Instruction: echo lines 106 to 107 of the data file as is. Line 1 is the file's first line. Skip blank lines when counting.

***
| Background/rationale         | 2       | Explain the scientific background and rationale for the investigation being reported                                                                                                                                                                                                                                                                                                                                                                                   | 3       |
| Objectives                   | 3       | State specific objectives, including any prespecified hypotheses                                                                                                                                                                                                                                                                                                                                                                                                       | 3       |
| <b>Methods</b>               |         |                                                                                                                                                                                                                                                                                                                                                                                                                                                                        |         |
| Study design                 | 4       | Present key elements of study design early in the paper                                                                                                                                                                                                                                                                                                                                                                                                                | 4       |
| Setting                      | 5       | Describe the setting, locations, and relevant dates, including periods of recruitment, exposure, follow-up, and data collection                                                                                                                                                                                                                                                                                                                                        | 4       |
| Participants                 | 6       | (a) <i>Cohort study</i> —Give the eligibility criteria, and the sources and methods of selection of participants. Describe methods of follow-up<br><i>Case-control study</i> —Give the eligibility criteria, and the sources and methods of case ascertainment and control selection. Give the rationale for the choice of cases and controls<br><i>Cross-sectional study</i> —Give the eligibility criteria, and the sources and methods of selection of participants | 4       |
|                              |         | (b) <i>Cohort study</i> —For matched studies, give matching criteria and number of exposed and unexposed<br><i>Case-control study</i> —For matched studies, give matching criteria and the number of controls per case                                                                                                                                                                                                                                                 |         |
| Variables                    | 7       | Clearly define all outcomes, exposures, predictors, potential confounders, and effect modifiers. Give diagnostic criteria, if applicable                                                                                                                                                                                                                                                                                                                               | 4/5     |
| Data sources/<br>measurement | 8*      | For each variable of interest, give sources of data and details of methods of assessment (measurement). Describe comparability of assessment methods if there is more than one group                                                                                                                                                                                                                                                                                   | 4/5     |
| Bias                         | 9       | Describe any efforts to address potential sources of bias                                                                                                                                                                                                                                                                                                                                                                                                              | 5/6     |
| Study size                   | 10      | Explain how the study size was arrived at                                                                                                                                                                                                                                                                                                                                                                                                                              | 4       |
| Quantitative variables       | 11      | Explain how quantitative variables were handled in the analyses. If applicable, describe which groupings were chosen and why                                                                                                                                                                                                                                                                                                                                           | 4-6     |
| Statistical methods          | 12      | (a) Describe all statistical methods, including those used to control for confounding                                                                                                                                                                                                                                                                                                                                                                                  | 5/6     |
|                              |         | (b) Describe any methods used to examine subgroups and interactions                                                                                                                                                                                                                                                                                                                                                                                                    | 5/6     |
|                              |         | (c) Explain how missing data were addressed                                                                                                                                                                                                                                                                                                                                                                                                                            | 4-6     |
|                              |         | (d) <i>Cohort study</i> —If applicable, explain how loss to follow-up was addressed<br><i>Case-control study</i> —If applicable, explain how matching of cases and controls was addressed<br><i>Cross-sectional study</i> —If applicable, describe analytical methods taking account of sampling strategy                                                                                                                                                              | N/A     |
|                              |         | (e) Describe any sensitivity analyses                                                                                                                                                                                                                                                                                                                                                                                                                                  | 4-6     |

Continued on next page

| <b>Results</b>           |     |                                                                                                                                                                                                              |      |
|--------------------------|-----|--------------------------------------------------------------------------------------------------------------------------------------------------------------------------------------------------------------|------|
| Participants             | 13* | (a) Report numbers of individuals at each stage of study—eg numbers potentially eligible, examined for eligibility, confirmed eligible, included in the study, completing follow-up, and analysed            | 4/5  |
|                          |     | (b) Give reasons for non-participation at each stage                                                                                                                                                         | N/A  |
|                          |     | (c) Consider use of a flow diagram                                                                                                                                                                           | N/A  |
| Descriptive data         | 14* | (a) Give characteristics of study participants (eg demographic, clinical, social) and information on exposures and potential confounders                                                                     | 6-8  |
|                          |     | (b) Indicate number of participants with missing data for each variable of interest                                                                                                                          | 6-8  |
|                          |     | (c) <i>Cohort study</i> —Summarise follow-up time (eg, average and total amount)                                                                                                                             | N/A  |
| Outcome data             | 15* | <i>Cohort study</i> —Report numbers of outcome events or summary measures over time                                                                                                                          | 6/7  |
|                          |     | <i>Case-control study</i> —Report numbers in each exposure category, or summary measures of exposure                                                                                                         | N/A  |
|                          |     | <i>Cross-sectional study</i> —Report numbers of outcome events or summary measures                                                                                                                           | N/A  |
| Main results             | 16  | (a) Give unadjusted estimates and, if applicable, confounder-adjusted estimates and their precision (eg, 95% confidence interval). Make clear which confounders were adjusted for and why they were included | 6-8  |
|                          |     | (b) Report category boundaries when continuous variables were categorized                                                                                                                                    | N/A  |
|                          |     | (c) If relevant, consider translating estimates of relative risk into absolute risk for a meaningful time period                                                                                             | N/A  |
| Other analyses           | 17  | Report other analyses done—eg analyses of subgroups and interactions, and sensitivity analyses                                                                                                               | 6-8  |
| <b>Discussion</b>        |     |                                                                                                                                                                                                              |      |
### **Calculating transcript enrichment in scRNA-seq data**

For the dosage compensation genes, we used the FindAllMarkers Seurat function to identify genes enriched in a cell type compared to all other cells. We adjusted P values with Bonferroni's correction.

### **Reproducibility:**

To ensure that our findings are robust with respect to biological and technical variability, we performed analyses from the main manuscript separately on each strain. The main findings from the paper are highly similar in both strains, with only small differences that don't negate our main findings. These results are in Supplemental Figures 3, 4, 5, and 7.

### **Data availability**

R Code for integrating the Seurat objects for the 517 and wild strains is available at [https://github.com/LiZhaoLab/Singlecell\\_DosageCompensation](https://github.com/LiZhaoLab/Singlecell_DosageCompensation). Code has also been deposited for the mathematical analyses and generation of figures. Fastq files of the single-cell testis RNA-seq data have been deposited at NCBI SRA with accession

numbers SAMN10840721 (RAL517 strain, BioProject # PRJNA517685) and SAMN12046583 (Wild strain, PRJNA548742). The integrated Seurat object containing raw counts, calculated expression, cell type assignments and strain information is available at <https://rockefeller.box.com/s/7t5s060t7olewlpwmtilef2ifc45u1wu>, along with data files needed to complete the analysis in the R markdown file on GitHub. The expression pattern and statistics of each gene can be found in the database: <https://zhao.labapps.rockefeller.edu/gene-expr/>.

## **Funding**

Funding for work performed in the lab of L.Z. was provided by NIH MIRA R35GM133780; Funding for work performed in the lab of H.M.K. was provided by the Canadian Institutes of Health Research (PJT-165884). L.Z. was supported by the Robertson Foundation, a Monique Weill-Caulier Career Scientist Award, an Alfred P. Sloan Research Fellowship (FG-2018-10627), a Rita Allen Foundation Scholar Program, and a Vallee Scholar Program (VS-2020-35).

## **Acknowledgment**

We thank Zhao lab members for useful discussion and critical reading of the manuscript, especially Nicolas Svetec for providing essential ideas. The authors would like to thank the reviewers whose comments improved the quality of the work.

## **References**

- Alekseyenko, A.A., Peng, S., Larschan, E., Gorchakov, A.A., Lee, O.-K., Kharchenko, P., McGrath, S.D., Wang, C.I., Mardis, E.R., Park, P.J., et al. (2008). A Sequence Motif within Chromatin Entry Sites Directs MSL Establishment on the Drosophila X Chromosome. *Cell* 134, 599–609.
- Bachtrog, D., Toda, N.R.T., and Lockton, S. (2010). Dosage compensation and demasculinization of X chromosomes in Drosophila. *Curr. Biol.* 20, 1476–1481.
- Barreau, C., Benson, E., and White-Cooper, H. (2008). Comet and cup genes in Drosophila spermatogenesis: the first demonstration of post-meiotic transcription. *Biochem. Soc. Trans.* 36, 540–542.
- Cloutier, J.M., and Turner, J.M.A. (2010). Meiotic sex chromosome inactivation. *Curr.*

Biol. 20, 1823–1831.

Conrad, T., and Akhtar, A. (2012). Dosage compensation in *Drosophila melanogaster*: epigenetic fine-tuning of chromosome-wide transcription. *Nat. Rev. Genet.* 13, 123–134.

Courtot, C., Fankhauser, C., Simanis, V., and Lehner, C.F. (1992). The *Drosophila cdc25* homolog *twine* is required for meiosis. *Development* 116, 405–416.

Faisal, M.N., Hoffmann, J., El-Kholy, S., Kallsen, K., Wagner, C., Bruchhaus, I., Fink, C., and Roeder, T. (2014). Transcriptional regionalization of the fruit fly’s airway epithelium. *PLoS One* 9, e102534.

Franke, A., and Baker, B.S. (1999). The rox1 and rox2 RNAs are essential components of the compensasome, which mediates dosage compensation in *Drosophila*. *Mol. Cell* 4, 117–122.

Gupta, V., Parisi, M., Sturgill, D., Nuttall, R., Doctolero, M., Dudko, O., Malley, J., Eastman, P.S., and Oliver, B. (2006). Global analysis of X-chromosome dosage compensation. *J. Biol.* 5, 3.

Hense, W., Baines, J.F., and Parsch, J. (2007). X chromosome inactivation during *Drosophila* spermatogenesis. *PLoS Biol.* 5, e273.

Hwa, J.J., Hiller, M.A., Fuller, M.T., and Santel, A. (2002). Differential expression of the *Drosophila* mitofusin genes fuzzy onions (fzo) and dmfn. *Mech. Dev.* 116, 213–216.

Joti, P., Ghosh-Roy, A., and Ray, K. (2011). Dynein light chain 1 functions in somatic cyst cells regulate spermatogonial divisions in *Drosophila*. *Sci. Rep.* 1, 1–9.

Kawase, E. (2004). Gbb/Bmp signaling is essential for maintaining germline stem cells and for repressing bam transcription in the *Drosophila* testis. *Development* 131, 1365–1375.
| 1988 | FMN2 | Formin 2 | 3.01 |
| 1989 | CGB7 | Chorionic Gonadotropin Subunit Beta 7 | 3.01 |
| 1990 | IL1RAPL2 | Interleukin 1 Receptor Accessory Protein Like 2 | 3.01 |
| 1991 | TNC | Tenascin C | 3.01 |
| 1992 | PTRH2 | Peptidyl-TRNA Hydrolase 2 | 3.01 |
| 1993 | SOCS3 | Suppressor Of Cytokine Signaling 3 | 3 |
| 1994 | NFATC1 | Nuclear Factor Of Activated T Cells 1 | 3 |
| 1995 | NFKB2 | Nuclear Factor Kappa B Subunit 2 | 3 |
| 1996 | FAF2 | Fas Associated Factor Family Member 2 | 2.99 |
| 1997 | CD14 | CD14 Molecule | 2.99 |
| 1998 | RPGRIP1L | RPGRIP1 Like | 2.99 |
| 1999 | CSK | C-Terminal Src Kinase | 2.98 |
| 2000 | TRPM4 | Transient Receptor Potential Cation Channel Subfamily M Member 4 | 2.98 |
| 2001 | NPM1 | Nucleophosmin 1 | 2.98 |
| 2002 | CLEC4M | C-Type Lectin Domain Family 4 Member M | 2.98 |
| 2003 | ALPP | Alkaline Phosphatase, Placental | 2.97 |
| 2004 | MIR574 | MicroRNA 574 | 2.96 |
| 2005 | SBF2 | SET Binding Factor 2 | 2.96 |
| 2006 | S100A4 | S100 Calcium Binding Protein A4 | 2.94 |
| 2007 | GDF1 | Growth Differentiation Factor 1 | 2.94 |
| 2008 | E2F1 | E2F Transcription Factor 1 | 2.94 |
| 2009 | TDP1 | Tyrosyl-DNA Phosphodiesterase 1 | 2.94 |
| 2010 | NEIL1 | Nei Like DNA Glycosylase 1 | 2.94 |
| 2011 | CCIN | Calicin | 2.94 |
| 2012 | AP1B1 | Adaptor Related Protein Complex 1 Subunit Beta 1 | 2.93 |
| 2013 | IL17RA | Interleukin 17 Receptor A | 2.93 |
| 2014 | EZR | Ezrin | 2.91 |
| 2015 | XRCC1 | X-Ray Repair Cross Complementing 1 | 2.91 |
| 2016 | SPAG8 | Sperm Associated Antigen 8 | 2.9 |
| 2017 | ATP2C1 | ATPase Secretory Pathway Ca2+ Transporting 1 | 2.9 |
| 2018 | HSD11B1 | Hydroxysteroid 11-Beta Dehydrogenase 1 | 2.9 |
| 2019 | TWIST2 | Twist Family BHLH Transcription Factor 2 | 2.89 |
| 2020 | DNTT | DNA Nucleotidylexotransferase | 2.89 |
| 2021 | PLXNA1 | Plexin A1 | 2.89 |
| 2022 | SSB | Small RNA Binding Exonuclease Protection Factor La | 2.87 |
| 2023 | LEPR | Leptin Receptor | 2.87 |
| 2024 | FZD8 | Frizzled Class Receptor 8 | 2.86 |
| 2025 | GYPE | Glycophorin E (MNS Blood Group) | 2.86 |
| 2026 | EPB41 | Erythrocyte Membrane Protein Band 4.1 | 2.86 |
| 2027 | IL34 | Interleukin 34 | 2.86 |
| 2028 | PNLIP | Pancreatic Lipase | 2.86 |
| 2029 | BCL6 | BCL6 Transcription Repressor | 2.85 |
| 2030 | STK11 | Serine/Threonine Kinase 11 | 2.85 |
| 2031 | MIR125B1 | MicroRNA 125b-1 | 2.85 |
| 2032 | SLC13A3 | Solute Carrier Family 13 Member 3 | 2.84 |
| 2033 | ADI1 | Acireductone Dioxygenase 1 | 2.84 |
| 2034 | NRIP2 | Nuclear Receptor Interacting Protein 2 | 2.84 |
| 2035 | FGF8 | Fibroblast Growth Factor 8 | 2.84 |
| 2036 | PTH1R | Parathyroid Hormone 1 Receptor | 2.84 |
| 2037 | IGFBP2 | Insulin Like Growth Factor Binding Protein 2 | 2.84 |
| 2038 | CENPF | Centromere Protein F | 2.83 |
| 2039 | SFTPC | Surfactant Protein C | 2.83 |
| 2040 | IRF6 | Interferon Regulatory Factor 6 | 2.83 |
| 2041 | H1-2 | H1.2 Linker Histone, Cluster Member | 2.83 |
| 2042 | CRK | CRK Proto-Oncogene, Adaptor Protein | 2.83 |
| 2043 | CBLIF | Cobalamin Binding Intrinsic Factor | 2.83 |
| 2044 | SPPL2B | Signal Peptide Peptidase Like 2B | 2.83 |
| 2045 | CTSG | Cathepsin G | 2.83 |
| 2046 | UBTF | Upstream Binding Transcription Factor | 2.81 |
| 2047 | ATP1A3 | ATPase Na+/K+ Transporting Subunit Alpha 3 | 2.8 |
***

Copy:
| 2033 | ADI1 | Acireductone Dioxygenase 1 | 2.84 |
| 2034 | NRIP2 | Nuclear Receptor Interacting Protein 2 | 2.84 |